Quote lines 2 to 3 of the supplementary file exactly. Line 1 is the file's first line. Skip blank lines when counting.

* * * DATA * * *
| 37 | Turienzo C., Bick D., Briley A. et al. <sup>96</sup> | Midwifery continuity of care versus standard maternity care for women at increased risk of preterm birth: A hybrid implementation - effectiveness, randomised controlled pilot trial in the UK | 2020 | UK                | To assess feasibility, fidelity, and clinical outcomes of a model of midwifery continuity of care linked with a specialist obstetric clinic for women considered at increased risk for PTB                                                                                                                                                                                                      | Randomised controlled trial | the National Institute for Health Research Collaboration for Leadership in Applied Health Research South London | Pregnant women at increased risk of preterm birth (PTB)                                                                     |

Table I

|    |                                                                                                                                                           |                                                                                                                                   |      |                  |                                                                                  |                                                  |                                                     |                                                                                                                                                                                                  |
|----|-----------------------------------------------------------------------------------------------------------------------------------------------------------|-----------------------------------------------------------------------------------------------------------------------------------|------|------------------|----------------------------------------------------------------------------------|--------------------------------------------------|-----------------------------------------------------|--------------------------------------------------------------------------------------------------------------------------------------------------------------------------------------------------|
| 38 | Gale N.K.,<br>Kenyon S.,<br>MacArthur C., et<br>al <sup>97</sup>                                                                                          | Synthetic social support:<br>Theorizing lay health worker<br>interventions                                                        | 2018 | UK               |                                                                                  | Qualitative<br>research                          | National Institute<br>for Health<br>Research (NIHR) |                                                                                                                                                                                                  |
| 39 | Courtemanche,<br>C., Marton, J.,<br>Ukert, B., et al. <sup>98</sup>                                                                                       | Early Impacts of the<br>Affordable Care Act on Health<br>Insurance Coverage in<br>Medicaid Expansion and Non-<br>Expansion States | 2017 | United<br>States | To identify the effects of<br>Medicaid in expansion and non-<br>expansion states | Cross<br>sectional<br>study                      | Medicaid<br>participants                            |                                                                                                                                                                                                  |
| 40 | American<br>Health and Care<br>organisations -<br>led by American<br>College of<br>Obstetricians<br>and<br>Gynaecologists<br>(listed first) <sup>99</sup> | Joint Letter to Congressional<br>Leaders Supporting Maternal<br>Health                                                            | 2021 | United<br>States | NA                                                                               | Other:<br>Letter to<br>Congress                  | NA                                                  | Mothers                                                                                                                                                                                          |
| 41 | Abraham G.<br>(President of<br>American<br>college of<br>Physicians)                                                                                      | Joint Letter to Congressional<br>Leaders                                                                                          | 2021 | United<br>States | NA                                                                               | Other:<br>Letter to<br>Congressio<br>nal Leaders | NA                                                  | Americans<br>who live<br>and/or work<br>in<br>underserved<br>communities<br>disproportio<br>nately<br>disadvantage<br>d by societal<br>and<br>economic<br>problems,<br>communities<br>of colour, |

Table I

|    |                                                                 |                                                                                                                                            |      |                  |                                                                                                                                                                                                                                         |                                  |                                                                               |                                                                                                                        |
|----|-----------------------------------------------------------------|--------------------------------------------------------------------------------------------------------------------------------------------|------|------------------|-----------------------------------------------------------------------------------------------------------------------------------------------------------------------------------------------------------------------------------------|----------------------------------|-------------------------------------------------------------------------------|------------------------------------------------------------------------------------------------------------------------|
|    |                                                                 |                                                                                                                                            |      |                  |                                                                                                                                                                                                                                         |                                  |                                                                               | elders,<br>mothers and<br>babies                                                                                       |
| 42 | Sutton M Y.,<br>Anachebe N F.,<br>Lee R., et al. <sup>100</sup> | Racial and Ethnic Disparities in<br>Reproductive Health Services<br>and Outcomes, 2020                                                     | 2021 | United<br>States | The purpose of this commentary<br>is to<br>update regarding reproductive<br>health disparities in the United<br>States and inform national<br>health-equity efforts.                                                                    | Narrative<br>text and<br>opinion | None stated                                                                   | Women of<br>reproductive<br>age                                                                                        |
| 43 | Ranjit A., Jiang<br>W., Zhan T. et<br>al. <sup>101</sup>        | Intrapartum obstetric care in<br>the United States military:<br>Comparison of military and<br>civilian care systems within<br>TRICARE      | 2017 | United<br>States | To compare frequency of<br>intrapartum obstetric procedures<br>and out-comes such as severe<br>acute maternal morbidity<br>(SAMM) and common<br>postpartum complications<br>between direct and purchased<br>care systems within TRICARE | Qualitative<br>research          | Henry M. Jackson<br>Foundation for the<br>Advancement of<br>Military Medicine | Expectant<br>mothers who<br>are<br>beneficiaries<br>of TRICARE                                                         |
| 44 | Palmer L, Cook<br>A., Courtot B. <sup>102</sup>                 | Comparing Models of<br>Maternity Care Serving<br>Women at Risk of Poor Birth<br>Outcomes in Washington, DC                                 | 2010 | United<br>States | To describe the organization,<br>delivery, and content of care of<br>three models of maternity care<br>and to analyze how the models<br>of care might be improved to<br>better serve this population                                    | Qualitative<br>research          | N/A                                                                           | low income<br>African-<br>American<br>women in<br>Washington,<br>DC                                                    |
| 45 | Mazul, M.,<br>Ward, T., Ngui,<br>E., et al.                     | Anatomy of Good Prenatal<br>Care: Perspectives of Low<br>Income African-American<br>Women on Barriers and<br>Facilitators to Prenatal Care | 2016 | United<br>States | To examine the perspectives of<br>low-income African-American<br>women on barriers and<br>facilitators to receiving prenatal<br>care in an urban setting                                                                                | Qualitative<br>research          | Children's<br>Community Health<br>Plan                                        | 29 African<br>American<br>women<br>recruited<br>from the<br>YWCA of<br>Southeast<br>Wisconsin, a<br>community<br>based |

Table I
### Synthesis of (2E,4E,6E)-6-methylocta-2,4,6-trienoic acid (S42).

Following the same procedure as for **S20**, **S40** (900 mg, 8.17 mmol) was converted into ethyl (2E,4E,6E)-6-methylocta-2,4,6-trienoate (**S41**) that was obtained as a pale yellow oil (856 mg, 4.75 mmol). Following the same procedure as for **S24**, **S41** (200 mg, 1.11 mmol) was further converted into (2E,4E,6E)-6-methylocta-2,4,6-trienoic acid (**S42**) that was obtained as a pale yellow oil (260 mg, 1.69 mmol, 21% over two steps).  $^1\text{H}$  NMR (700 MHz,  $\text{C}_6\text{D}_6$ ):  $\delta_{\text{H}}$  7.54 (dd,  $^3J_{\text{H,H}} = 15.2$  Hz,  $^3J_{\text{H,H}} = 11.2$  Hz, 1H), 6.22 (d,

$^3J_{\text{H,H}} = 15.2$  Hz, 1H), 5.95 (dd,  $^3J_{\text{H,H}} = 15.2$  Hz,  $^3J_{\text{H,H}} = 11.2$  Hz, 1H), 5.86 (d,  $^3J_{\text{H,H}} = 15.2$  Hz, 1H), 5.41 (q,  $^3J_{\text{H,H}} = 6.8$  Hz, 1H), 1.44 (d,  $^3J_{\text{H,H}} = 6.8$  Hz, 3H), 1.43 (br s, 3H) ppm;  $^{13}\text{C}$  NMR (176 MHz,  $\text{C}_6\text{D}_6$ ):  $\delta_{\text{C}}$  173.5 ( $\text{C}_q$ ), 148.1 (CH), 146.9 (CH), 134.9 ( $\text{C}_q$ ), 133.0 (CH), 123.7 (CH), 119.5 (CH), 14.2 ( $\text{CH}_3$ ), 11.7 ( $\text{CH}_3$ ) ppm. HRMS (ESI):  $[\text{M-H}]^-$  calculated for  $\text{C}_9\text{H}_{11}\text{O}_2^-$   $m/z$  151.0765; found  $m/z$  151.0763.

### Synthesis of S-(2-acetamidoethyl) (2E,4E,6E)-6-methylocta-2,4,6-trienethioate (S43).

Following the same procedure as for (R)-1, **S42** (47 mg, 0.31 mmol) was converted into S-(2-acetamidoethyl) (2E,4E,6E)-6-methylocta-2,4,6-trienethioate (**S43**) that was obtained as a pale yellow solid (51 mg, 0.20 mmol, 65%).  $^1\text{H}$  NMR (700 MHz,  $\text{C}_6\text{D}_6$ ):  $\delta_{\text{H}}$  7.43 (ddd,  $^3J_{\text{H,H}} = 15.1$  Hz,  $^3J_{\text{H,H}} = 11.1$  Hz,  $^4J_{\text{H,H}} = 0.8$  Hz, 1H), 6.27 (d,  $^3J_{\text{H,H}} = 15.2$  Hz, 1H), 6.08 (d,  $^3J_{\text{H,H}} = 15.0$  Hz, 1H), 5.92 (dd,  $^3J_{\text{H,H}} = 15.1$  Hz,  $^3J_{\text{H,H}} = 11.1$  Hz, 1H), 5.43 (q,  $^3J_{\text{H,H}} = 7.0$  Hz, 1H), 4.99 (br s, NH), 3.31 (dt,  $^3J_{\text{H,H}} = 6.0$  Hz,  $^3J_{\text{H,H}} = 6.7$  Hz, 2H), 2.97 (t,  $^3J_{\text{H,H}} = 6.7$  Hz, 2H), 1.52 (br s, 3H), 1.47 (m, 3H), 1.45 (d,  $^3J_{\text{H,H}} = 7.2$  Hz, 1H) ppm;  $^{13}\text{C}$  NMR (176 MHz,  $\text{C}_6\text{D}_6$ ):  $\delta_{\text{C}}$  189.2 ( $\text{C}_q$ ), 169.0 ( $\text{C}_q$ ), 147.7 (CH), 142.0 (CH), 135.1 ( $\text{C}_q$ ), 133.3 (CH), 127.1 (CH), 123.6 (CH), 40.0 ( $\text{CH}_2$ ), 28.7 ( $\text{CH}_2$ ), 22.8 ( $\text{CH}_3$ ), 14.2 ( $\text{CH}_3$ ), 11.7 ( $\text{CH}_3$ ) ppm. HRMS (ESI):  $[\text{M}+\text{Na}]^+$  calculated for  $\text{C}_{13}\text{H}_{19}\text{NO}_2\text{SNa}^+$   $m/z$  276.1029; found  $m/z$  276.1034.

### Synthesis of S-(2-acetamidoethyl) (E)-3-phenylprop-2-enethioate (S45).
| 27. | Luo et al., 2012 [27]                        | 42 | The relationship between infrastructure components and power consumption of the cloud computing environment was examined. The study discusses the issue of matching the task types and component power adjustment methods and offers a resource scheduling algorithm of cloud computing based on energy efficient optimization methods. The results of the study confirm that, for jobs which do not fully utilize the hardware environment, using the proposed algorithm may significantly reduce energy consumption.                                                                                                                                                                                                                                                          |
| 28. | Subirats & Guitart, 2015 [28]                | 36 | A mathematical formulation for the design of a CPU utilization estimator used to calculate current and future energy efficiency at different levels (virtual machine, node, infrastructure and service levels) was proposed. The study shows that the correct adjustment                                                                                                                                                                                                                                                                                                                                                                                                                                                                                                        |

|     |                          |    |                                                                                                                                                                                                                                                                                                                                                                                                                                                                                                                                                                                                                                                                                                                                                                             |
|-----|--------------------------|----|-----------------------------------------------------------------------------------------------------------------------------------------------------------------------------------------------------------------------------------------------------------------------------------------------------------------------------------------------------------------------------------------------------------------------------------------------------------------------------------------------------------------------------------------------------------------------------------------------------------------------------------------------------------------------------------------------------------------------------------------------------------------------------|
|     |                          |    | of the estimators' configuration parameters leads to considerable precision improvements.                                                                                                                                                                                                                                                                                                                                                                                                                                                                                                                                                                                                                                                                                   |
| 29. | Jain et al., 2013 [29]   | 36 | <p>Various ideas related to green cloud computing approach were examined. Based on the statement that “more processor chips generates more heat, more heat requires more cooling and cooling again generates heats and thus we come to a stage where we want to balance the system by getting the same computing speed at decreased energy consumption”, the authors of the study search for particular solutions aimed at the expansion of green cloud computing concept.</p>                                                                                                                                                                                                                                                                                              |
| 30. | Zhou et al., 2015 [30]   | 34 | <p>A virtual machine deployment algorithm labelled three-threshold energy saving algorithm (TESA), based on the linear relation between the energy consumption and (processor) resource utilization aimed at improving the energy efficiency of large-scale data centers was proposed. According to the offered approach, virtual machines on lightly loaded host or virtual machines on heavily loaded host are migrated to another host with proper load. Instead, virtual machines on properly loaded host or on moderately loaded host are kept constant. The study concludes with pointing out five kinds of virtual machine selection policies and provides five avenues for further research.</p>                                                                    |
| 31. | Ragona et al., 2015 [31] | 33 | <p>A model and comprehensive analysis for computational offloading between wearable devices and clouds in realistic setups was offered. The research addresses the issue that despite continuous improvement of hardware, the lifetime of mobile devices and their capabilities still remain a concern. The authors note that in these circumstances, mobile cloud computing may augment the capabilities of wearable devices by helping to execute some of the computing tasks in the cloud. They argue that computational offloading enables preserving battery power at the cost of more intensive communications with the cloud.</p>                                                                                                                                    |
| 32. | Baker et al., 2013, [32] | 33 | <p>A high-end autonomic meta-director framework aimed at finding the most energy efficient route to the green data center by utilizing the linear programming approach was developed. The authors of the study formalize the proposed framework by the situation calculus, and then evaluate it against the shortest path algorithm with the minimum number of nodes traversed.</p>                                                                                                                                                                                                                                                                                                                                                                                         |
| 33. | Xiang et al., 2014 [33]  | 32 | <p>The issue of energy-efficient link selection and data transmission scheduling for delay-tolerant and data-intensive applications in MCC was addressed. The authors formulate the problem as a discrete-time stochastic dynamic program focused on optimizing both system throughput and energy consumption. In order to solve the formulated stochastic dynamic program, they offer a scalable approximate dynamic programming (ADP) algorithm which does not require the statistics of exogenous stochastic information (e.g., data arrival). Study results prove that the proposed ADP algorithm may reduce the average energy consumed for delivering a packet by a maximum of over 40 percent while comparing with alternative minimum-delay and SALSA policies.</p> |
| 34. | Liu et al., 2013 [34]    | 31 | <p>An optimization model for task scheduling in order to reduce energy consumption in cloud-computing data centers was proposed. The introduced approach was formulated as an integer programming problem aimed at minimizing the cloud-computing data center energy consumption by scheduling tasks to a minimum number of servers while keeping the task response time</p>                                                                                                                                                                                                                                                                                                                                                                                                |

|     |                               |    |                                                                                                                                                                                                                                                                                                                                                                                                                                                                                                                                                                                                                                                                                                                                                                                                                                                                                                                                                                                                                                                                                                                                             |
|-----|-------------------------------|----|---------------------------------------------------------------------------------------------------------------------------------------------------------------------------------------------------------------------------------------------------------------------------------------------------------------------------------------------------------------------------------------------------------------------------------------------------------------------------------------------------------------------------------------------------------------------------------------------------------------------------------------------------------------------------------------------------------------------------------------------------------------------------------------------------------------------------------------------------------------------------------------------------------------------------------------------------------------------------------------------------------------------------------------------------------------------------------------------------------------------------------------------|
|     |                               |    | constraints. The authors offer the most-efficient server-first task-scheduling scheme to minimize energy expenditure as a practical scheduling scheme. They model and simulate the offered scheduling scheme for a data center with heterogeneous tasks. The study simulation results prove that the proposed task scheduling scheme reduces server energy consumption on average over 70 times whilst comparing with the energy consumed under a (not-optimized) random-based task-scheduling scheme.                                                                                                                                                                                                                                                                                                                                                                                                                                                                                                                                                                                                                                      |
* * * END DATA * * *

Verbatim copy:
Table I

|    |                                                                                                                                                           |                                                                                                                                   |      |                  |                                                                                  |                                                  |                                                     |                                                                                                                                                                                                  |